The hawk-eyed must have already realised that some movie reviews appear online before a film has even been released.

Typically they say: “Can’t wait!” – five stars or “How can they cast Ben Affleck in that role?” ­– one star.

Strange, right?

Welcome to fake online reviews.

As regards consumer products, Amazon has been forced to tighten its policy, removing fraudulent reviews. Why, there is even one website dedicated simply to spotting them.

Surely that couldn’t happen in travel, could it?

Hotel Majestic, Santorini

Hotel Majestic, Santorini: an extremely good value hotel, very underrated.

In July 2013 we all cringed when fabricated fish joint, Oscar’s, jumped to the top of Tripadvisor’s restaurant list in Brixham with a number of reviews that cried out to be recognised as such (“this restaurant moves venues according to the time and tide”; “divers will plunge into the Channel to find the fish of your dreams”).

In June 2015 the experiment was duplicated by Italian magazine Italia e Tavola with the ficititious Ristorante Scaletta in Lombardy’s Moniga del Garda. (link in Italian).

We shouldn’t wait for 2017 or 2018 to bring up another example – online ratings are decidedly unreliable. Unscrupulous restaurateurs and hotel owners encourage clients to post positive reviews and even resort to besmirching the competition – some even buy reviews in special “writing farms” in India.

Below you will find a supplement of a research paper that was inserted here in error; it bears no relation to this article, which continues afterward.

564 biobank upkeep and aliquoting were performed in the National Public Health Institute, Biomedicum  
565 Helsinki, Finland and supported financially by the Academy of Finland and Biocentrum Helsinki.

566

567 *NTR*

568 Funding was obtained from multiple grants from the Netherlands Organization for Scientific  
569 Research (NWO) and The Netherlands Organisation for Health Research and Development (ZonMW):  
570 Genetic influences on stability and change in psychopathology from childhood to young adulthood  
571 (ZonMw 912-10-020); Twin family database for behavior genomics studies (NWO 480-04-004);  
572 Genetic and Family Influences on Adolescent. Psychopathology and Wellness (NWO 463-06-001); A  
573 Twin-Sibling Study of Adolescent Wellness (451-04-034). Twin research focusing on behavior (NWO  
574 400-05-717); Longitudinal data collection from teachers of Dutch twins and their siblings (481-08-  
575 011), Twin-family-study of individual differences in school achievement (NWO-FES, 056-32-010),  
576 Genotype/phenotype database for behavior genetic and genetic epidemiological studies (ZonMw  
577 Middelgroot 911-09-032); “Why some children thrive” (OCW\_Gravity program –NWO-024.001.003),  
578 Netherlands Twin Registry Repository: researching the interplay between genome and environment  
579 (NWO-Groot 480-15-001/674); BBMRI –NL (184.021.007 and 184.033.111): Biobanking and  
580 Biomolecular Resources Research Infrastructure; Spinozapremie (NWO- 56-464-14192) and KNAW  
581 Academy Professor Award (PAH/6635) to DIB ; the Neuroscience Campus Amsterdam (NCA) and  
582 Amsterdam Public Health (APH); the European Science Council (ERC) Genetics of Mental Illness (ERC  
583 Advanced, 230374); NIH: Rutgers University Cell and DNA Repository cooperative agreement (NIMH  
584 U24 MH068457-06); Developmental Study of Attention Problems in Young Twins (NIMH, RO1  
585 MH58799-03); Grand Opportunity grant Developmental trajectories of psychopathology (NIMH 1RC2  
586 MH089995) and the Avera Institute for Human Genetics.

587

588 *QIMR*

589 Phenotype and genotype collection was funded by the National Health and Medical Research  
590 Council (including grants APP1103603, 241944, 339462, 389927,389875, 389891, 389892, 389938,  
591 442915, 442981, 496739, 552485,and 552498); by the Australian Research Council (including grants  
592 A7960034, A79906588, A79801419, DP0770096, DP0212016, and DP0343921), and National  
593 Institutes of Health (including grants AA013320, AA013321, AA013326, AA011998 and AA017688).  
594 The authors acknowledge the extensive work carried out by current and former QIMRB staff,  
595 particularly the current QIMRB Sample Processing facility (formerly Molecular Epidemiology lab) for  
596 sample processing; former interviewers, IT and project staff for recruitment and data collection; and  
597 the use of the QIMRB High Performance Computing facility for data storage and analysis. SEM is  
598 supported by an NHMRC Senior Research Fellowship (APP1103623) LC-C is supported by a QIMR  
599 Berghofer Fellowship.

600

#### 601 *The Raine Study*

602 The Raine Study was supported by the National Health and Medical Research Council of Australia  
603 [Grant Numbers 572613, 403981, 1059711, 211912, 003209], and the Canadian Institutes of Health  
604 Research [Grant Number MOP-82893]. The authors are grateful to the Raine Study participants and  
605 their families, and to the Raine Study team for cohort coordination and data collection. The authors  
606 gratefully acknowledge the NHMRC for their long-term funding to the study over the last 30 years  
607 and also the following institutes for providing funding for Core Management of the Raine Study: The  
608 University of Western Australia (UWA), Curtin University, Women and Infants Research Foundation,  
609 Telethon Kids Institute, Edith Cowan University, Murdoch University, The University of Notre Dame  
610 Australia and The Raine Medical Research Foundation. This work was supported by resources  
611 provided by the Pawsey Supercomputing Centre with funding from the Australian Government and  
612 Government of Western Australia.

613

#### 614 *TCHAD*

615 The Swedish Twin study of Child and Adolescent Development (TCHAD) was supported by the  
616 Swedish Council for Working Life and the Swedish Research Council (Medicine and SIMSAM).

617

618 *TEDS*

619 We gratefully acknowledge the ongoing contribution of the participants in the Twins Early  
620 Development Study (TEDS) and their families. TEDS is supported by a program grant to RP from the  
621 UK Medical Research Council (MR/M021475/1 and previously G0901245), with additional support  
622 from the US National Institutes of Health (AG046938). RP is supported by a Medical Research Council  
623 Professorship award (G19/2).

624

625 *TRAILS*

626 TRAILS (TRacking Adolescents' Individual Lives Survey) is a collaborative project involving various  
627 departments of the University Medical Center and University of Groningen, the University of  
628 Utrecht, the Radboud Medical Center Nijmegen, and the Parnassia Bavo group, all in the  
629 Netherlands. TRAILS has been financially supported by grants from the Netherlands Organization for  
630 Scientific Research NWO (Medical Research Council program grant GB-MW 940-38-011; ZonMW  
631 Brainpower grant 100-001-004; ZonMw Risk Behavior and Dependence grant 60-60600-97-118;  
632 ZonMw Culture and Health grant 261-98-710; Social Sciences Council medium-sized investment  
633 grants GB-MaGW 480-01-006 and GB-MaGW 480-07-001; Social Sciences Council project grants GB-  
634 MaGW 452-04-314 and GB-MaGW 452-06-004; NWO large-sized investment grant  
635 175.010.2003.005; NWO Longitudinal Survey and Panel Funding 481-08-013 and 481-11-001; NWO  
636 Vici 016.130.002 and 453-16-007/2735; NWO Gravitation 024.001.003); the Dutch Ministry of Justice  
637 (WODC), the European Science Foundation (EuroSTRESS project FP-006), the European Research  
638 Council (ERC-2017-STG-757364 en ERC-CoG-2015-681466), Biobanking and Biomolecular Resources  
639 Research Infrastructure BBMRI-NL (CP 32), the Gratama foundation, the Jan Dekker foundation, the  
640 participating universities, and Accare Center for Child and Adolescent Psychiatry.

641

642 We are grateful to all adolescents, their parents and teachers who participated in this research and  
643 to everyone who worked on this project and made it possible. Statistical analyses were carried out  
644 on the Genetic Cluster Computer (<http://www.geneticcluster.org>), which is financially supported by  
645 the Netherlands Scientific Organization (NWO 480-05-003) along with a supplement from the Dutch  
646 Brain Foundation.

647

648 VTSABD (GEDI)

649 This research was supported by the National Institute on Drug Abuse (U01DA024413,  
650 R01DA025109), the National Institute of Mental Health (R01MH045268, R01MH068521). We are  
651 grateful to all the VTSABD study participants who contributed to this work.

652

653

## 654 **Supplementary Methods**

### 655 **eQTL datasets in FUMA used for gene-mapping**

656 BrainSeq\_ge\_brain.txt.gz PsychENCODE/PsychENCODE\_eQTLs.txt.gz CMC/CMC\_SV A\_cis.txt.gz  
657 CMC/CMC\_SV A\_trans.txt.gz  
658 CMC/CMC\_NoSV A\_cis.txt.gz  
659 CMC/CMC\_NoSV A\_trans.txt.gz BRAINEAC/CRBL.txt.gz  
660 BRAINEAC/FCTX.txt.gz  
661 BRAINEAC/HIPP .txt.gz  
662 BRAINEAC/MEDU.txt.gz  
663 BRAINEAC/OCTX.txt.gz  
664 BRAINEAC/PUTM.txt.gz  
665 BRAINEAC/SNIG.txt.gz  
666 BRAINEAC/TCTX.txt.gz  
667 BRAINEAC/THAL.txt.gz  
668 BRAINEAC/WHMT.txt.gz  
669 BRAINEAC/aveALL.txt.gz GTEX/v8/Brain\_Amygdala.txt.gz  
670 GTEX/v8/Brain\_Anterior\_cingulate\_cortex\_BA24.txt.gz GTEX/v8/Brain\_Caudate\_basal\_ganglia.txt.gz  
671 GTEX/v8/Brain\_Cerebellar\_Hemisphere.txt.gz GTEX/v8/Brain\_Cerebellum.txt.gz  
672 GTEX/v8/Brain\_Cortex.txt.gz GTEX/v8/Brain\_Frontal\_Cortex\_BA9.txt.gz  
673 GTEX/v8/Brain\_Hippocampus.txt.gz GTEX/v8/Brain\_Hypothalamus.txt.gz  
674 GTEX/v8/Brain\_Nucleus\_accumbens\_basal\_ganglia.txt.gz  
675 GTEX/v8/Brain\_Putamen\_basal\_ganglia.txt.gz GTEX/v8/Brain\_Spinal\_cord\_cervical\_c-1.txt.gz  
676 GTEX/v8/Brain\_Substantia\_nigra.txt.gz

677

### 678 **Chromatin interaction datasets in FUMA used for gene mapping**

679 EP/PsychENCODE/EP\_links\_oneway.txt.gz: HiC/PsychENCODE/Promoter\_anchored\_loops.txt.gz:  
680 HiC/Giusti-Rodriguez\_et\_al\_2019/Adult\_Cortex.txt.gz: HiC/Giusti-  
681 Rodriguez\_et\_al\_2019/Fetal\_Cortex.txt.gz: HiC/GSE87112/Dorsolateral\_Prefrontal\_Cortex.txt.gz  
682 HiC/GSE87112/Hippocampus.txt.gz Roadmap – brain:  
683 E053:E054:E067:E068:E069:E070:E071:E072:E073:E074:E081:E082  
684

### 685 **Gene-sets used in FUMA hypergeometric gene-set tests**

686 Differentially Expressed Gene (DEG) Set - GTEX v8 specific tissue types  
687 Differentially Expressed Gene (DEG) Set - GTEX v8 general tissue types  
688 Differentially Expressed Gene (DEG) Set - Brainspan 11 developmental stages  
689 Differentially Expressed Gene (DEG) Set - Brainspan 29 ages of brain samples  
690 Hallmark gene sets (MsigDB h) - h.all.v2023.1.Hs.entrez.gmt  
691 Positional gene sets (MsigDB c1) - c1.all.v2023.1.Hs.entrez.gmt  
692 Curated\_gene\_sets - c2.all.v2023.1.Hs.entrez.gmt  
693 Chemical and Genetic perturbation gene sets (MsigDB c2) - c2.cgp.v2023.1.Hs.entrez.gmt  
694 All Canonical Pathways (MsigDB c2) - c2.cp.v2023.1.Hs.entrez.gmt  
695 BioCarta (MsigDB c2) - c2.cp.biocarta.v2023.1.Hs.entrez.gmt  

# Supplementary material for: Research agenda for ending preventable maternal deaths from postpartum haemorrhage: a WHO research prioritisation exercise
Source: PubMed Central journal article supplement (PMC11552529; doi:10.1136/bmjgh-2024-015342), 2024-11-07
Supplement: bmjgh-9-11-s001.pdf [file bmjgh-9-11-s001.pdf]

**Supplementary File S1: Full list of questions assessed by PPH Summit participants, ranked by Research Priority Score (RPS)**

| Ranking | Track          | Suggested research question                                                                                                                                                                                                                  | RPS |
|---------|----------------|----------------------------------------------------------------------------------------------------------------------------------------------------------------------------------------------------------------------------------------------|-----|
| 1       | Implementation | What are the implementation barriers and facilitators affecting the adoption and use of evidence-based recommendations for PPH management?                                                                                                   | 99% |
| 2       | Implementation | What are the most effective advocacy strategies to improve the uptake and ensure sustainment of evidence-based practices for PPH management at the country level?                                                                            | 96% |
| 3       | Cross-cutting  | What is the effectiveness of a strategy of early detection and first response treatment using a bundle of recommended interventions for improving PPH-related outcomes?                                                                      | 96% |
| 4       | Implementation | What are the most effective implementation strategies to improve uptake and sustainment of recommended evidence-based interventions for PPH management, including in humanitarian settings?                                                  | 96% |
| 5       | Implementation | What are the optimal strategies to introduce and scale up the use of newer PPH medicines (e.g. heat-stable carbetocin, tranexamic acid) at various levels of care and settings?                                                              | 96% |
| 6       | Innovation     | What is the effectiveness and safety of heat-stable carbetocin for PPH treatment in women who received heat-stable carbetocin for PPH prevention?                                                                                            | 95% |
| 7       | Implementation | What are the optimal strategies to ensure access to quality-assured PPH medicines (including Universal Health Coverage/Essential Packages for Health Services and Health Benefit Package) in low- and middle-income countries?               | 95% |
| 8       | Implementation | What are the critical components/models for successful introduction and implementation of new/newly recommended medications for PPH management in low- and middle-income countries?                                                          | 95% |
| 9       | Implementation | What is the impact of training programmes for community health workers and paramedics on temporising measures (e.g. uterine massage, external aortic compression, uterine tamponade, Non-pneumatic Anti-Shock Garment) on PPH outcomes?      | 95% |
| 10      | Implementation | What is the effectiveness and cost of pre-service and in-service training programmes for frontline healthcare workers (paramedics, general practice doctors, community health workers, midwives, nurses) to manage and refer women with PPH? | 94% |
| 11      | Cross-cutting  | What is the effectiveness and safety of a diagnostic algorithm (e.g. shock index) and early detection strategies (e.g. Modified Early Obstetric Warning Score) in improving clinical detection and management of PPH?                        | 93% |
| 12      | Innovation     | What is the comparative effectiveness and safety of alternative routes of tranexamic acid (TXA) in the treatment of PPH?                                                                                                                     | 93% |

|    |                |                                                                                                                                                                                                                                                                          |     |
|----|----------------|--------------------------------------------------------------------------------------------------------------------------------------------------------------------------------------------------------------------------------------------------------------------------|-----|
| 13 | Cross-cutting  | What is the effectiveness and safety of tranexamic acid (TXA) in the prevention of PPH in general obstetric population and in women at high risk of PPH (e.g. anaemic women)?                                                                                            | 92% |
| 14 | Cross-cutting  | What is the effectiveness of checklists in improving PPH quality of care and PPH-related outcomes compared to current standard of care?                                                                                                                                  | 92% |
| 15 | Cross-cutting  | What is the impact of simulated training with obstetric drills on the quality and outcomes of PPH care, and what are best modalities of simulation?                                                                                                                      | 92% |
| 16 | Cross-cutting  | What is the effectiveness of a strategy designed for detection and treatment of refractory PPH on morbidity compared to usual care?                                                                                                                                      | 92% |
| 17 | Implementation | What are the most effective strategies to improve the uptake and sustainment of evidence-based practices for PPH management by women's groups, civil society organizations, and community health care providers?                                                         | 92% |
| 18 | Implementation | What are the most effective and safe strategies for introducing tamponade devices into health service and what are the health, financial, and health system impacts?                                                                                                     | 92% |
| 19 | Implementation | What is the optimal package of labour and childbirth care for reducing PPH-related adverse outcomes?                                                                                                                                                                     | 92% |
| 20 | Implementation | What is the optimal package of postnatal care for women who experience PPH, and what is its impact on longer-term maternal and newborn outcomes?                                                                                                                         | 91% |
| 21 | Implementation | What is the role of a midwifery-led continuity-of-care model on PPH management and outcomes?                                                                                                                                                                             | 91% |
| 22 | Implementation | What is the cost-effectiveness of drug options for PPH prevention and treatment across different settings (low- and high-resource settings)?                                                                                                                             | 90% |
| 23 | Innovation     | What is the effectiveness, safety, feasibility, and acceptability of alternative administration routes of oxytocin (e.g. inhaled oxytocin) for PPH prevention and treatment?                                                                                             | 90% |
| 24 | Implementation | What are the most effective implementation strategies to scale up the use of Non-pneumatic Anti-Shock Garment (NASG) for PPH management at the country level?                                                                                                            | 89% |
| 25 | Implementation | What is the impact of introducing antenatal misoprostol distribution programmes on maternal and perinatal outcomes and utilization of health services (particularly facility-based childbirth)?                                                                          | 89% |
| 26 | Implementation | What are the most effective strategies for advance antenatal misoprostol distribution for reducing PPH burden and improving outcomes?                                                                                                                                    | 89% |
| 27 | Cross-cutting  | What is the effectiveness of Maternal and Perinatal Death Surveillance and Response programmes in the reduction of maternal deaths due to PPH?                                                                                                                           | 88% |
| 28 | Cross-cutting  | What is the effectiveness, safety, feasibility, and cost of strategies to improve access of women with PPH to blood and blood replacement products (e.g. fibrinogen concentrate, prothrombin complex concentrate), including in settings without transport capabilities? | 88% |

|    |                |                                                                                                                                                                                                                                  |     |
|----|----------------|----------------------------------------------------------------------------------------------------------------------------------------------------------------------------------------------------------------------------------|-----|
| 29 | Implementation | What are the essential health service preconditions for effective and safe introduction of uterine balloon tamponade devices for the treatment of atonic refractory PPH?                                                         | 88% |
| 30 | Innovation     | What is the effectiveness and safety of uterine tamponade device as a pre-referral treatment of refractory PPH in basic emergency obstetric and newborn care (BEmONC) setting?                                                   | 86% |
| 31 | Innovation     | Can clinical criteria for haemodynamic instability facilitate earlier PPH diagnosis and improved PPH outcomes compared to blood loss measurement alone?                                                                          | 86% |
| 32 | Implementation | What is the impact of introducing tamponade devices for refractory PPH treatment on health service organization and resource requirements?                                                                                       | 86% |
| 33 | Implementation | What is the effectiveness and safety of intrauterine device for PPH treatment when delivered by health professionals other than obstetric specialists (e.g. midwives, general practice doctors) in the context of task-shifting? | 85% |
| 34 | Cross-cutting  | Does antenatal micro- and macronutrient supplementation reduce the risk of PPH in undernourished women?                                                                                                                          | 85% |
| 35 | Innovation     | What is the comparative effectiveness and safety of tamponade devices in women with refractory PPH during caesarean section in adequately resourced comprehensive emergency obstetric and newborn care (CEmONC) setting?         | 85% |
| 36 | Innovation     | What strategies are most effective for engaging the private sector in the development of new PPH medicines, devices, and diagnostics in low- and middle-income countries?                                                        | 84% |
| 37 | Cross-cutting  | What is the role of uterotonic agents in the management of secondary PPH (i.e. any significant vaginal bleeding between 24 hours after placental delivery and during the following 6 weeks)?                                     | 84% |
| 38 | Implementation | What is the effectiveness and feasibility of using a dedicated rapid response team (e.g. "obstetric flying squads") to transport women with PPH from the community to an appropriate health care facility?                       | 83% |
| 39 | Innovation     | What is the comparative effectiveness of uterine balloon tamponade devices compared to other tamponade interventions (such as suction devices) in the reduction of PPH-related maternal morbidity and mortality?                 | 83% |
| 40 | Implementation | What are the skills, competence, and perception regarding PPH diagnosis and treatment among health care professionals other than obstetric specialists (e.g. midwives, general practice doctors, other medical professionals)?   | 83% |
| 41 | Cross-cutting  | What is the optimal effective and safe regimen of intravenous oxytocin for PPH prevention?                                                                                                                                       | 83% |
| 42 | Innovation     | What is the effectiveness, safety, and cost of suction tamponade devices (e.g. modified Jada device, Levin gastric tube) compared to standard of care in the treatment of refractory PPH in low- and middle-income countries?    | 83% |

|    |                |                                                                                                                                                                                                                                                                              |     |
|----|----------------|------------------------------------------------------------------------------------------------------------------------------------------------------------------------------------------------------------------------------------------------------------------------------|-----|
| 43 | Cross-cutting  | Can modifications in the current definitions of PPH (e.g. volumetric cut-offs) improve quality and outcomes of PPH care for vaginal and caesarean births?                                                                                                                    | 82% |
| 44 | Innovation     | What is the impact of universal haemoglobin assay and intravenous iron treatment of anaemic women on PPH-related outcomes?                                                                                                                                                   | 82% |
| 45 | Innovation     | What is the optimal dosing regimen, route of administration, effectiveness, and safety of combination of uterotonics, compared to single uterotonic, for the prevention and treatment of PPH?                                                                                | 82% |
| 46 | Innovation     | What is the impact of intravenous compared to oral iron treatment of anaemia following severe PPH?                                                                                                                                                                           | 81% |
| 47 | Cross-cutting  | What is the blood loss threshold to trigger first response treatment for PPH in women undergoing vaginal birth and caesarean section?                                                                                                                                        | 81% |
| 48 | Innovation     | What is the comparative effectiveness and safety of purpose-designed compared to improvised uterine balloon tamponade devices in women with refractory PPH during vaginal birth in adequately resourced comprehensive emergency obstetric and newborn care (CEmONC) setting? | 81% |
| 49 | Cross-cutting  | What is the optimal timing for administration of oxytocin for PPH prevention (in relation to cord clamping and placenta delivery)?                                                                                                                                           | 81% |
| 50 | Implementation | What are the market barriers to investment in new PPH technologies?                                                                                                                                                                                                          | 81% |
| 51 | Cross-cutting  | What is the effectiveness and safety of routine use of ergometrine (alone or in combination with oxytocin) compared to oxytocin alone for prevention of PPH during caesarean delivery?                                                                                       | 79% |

I dare say, relying on the internet is no substitute for reading a decent guidebook by a professional writer. Yes, I declare an interest; I do write guidebooks myself which is how I know first-hand the misinformation that can result by simply Googling.

I shudder when I remember that hostel in a seaside town that’s received glowing online assessments (though upon careful checking, in the distant past). On the phone they told me that, yes, they’re still open for business.

I was rather suspicious as I knew that this neighbourhood near the old port was a bit run down, so I paid a visit. Yes, the hostel was still open for business, but the local authority was placing homeless people in its dorms. Would I send a teenage girl there? Would you?

Then there was this campsite with a functioning website and many striking pictures of shaded surroundings. Even older versions of other guidebooks described it in glowing terms.

Still, I felt something was wrong, when looking at the map. Wasn’t that a region that suffered from forest fires recently? I drove there: it turned out that the campsite had burned down and nobody had bothered to update its website.

What about that great B&B, widely recommended online? I inspected it and was delighted, too: clean, spacious, central, inexpensive ­­–­ but the owner had landed a second job and check-in/checkout was between 8-11am and 6-8pm.

How could I recommend something so decidedly inconvenient?

OK, some guidebooks also ask their writers to do their research online and do not pay them for trips. But they disappear after a few editions.You can find plenty of them in the travel section of a bookshop. Have you checked the book’s publication date?

It may be unfashionable in these post-truth times we live in, but my advice is still to trust the professionals: they have local knowledge and they’ve done the research for you.

Locked door

Are the reviews up to date?

What would you rather do: spend hours in front of the computer at home wading through dozens of restaurants in Cannes, or have a pleasant stroll in the Croisette armed with a copy of the Rough Guide to France?